nonrival

nonrival

(ˌnɒnˈraɪvəl)
adj
(Economics) economics (of goods or resources) capable of being enjoyed or consumed by many consumers simultaneously and therefore without rivalry, eg cable television
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References in periodicals archive ?
Congestible public goods are those whose consumption is neither completely rival nor nonrival; one person using a beach does not preclude others from doing so, but most people find crowded beaches less enjoyable than deserted ones (see Cornes and Sandier, 1986).
Because of the nonrival nature of information, prevailing economic theory would suggest that we are as likely to lose as to gain productivity from this technological change" [1].
Public goods are goods that are nonrival in consumption -- once the good is provided, the additional resource cost of another person consuming the good is zero.(202) The classic public good is the lighthouse.(203) One ship's "consumption" of a lighthouse's light does not diminish the ability of a second ship to use the same light.(204)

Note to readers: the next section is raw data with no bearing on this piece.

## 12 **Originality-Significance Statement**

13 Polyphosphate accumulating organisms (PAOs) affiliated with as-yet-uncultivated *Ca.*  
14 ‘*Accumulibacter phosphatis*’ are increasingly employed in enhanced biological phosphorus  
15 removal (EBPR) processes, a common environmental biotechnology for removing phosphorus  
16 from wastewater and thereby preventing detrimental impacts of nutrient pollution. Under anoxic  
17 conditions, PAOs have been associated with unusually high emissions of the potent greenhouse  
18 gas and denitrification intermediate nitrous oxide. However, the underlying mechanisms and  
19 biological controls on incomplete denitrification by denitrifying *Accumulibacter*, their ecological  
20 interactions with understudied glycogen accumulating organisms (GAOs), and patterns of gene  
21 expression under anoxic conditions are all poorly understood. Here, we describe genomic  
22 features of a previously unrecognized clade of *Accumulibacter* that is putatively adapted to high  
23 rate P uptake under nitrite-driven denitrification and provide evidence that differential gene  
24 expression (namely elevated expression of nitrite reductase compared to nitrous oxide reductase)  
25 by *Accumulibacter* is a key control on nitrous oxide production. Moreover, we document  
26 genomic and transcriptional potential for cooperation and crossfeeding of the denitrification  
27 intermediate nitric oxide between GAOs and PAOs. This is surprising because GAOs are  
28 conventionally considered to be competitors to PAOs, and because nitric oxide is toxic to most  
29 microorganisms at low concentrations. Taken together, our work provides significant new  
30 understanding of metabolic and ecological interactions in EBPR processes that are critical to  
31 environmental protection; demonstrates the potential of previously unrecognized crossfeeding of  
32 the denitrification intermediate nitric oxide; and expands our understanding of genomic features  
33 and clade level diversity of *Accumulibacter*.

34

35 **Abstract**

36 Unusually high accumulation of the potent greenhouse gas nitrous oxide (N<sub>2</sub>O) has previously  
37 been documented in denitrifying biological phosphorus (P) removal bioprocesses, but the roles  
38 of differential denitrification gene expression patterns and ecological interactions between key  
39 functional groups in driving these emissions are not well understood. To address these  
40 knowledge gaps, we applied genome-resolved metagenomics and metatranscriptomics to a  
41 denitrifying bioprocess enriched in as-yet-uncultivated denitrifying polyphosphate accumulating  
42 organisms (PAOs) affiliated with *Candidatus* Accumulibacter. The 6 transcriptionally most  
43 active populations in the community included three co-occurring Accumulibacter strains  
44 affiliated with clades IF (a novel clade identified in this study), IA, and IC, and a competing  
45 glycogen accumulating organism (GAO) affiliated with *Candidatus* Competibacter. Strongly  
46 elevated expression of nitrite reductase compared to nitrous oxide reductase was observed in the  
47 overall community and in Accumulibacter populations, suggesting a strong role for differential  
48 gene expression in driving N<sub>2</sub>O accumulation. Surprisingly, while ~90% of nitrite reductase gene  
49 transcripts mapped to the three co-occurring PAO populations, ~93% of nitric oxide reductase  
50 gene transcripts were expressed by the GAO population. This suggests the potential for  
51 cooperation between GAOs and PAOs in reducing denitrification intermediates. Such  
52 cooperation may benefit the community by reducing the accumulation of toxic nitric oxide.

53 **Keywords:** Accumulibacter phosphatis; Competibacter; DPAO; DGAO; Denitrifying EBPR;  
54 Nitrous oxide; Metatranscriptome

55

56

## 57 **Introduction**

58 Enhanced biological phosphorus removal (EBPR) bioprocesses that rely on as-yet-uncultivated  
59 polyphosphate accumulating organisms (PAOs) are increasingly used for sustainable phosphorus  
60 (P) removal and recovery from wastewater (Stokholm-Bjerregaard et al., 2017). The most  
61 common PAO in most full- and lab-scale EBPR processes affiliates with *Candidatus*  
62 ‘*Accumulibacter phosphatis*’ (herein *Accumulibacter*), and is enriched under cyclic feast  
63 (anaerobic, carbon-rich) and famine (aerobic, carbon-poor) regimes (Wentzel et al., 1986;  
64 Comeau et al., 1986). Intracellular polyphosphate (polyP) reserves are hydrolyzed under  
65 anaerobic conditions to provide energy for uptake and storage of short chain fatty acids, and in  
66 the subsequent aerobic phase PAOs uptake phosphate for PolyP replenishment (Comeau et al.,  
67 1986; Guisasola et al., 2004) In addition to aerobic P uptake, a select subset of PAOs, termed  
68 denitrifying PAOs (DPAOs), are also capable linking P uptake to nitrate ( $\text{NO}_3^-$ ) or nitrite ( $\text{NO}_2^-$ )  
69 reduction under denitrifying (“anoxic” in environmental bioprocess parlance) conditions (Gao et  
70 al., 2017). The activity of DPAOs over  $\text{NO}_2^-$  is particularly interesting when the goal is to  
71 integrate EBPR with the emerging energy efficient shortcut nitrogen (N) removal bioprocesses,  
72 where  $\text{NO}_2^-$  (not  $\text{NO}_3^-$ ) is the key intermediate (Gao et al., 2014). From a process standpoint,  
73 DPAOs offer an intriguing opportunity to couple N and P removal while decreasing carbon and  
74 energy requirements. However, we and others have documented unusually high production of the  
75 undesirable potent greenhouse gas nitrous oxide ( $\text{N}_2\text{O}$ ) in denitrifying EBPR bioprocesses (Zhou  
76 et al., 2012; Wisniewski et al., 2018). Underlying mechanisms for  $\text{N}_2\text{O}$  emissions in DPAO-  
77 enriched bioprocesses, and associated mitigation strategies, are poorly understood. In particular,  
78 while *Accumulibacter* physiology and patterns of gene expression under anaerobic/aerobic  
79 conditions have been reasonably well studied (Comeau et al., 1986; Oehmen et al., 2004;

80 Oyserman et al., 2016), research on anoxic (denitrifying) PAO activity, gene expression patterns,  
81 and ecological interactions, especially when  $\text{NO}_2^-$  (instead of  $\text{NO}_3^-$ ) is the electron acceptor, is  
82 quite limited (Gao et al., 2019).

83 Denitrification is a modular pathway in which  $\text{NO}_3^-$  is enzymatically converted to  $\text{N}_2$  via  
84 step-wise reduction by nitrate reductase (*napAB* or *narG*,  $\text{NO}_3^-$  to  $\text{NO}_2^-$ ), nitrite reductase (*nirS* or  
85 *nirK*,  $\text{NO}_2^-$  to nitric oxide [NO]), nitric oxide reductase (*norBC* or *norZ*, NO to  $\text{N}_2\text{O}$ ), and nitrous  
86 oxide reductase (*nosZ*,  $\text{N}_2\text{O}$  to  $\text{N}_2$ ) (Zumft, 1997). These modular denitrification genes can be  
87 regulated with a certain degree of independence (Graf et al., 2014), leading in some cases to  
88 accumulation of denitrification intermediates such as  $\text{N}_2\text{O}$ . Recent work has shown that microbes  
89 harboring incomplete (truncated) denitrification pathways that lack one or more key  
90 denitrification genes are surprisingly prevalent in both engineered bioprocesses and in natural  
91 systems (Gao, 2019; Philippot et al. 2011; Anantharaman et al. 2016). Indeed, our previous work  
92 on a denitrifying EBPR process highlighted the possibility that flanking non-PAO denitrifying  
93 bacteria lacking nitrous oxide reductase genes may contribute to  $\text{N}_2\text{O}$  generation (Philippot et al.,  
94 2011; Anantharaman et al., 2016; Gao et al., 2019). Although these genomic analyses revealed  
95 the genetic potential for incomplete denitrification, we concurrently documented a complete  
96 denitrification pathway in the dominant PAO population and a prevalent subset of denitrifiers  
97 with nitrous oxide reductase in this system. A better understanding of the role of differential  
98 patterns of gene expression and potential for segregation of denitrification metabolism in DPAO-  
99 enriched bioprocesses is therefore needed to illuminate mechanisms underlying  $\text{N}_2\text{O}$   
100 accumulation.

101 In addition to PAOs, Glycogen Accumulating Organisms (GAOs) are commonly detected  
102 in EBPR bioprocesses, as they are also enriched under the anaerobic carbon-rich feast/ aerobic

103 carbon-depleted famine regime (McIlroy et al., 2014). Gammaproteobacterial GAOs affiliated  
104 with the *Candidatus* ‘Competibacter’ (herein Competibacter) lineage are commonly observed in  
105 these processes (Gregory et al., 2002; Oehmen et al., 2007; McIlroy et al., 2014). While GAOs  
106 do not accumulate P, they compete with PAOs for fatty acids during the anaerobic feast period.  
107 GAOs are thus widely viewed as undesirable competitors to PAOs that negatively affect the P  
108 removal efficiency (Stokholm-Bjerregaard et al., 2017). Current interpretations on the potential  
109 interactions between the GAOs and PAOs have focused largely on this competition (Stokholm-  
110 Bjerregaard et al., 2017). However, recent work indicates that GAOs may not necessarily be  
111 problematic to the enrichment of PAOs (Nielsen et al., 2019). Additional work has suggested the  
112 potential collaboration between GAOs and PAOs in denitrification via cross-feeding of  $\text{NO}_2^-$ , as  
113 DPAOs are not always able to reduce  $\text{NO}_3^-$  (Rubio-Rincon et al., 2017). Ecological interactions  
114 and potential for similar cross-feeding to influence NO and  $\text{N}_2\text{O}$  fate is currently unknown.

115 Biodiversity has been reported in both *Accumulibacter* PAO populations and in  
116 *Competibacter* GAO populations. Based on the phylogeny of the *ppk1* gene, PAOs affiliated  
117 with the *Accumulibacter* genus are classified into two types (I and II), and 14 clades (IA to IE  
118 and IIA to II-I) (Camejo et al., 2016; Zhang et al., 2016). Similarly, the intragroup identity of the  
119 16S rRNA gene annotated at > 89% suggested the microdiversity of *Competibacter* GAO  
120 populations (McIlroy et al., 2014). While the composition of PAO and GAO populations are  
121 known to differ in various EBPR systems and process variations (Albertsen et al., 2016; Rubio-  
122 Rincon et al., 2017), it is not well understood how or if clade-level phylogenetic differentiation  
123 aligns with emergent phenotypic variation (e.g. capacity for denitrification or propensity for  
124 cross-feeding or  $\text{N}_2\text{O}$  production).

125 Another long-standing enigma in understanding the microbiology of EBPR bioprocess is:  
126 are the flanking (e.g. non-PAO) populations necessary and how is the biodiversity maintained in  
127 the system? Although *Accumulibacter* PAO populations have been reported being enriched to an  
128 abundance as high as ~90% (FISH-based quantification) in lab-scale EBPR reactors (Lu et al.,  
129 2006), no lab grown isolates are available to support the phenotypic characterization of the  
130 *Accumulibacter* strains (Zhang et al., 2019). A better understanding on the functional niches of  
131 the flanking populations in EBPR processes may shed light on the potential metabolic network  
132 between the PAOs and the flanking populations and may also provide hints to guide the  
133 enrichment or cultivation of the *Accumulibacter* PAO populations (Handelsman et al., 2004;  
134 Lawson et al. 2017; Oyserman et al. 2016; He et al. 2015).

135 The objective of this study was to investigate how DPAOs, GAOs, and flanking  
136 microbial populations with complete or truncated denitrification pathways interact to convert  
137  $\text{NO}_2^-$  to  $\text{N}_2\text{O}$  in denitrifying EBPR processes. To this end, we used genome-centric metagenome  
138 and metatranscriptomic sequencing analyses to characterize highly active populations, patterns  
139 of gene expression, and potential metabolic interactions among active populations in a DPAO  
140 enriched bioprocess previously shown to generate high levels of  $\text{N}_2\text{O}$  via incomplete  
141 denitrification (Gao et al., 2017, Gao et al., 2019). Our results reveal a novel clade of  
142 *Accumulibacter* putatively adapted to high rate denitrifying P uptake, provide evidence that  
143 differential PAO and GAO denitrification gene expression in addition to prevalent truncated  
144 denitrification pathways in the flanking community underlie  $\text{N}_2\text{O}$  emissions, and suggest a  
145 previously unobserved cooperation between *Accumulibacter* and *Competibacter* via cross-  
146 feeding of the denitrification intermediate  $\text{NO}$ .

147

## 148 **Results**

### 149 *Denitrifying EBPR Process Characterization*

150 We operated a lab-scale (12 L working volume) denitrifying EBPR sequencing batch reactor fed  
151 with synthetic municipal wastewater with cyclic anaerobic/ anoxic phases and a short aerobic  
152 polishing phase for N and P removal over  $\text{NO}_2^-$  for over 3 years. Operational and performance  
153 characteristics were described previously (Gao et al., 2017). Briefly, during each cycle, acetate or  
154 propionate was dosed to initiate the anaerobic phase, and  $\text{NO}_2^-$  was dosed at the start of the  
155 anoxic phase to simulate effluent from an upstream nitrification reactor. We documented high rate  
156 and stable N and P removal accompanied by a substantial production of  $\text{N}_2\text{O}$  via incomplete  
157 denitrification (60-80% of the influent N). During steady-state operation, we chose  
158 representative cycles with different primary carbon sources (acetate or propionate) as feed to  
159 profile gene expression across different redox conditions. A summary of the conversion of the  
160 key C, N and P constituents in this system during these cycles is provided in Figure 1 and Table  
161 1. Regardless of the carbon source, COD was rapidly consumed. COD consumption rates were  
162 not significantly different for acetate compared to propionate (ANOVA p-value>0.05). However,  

So in a world of nonrival commodities, we could expect monopoly to become the rule rather than the exception.
Livestock-free public lands is a nonexclusive and nonrival use, implying that livestock-free public lands is a public good.
Note that a key assumption of endogenous growth models is that technology is a nonrival, partially excludable resource in the production process (Romer, 1994).
While we focus on the VTTH industry, our analysis applies in general to information service industries that are characterized by the following features: (1) programming is a nonrival input, similar to a public good, and (2) the value consumers place on subscriptions to or use of the system is increasing in the amount and quality of the programming.
There are two heterogeneous communities within the economy defined by their fixed exogenous characteristics (nonrival amenities, zoning ordinances, and public services per household other than public school quality).
Analysts relying on the theory of public goods will, as ever, have to ascertain whether the conditions of nonexcludability and nonrival consumption are adequately met.
Public goods models maintain that most protest is about a public good (that is, one that is nonrival and nonexcludable).
Their consumption is nonrival, in that the use of one more radio receiver does not reduce the quality of signals to others, and nonexclusive, in that anyone with a frequency tuner can receive them.
Use of ideas are nonrival, yet some people can be excluded from an idea when it is not shared and instead remains private.